Thursday, July 26, 2007

Quote for the Day

This is long, but amusing. It's from Richard Mitchell's The Gift of Fire:
I WENT TO TALK TO THE MENSANS. The members of Mensa are the smartest people in America, and I was intimidated. I was afraid that they might catch me in a circular argument or a lexigraphical fallacy. I was afraid that they would rise up, right in the middle of the pathetic little lecture I had thought up for them, and demolish my silly little premises, and then go, not storming, but laughing, from the room, to hold high converse among themselves, not even offering me any coffee and doughnuts.

The speech was meant to be the opener of a small convention, and scheduled to take place right after breakfast. I got there early, and was sent to join the Mensans in a room on the fourth floor, in an upper room, where they were standing around having coffee and doughnuts. I was relieved of at least one of my fears. But they were all watching television, and no one said anything to me. I stood around for a while and went back downstairs, where the brisk young woman who had sent me upstairs told me that I would have to understand that Mensans never did anything on schedule, and that I would have to wait till they came down, Soon, maybe.

I sat in the lobby and read some of the Mensan handouts that I found on the floor near the sofa. One of them was a sample test. To become a Mensan, you have to get high grades on some tests, and what I was reading was a kind of prep for those tests. It had some very interesting questions. One of them asked which diagram of a group of six would be generated by taking diagram C and subjecting it to whatever operations had transformed diagram A into diagram B. Or maybe it was the other way around.

There was a very good train question, whose details I can’t recall, but it had all the classical attributes of train questions—train A and train B leaving at different times from points C and D, moving at rates E and F, and meeting, at last, at the mysterious point X where ships also, I suppose, pass in the night. It really took me back. But the question I liked best of all went something like this:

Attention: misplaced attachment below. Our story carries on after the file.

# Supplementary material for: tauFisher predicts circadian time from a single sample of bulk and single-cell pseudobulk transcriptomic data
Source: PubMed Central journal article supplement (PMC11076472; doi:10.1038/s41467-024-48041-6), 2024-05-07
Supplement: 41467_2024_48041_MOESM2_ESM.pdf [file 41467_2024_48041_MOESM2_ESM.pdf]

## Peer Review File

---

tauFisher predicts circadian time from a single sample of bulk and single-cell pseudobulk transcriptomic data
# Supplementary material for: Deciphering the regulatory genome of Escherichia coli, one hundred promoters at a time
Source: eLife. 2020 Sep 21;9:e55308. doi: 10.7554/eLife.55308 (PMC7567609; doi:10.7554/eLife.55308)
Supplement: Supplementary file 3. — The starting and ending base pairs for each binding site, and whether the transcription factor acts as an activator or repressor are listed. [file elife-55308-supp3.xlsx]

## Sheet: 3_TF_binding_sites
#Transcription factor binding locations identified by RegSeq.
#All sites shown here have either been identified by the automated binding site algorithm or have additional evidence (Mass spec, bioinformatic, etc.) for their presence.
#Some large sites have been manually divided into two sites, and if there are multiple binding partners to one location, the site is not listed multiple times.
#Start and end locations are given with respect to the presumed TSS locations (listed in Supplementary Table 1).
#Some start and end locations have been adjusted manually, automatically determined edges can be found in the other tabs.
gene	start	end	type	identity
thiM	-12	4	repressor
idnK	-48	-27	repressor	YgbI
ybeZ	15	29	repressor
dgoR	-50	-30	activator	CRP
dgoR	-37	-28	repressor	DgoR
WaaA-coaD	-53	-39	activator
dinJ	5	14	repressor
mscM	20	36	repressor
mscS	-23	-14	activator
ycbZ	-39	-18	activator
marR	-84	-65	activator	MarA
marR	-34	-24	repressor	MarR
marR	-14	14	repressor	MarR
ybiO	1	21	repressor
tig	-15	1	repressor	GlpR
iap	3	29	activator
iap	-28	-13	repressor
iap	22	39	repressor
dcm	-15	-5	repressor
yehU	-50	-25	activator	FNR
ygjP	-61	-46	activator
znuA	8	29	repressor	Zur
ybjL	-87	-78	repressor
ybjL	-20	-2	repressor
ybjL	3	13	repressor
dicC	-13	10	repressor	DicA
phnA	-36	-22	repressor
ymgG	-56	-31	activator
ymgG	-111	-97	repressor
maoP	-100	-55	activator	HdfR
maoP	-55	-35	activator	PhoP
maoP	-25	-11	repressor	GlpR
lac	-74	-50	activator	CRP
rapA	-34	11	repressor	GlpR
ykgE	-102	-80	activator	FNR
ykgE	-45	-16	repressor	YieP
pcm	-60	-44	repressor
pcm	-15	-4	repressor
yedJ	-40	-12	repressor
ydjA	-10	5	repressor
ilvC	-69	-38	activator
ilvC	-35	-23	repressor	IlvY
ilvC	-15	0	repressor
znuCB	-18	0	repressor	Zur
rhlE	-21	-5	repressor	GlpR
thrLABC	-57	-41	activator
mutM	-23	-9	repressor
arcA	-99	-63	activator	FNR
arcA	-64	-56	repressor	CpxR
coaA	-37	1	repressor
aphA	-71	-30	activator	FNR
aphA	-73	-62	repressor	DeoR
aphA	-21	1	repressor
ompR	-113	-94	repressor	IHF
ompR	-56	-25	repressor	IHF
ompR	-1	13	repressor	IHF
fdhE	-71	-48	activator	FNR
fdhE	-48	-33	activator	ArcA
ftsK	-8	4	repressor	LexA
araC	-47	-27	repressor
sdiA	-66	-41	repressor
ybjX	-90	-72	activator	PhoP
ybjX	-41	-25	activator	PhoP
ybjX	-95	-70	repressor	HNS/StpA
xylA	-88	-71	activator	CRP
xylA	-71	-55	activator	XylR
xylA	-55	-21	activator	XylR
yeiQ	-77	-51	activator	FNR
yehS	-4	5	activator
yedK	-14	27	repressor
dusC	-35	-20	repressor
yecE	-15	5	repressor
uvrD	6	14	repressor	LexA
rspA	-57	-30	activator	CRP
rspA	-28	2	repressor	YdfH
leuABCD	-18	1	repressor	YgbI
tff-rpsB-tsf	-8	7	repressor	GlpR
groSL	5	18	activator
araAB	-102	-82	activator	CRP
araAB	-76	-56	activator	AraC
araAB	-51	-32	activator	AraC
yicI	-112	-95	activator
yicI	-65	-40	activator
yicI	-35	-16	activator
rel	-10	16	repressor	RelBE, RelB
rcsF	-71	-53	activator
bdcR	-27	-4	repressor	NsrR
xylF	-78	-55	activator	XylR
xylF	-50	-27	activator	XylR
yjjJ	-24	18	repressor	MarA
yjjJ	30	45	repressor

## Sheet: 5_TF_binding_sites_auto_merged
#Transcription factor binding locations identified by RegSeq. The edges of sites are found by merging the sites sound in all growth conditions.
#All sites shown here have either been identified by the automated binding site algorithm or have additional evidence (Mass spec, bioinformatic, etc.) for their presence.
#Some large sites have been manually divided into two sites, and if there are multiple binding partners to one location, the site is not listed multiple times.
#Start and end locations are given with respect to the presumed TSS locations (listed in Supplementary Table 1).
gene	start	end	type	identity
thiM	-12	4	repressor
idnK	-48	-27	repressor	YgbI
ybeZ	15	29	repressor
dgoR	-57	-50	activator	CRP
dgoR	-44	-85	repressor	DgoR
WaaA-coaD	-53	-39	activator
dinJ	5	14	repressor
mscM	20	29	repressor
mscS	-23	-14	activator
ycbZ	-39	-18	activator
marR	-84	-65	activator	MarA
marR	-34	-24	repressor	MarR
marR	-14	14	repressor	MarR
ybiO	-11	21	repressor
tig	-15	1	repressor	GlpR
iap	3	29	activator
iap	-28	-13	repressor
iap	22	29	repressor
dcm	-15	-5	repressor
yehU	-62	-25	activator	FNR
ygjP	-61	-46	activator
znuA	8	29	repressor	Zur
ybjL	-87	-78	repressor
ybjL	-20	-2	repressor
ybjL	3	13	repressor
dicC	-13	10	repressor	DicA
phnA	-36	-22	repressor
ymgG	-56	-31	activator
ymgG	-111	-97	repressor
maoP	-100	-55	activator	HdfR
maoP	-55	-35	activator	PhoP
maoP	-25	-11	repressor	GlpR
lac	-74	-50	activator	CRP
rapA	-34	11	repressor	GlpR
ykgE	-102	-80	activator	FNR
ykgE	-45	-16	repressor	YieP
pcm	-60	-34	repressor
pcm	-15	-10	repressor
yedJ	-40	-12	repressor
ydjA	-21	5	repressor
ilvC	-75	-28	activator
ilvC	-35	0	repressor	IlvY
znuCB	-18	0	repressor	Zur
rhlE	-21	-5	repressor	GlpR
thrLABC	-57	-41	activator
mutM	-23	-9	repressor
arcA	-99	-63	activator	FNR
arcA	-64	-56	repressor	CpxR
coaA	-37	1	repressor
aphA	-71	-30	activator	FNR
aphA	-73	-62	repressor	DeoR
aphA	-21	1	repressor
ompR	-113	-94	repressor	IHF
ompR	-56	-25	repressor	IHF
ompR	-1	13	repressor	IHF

Bob and Carol and Alice and Ted all took the Mensa test. Bob scored higher than Alice, who scored ten points lower than Ted. Ted’s score added to Carol’s score and then divided by the difference between Bob’s score and Alice’s score was either twenty points more or twelve points less than the average of all four scores. Which of the four made it into Mensa?
Well, I may have forgotten some of the less important details. But it was a great question.

I had planned to start my talk to the Mensans with some mention of Prometheus, and to quote a little from Aeschylus. It was the passage in which Prometheus, about to be chained down for quite a long time, makes a little recitation of the things he has done for humanity, and in which he does not mention at all what we usually think of—the gift of fire. He speaks instead of such powers as those of language and number, and, most important of all, the mind’s grasp of itself, in Locke’s words. It is the ability not only to think, but to think about thinking. Before humanity had that, Prometheus says, humans lived a random and aimless life, “all blindly floundering on from day to day.” I knew that the Mensans were people interested in their minds, as people should be, and I thought that I might encourage them in that interest, and, at the same time, give due praise to the great minds of the past who understood long ago that the mind’s grasp of itself is what alone makes possible the examined life, and thus the good life.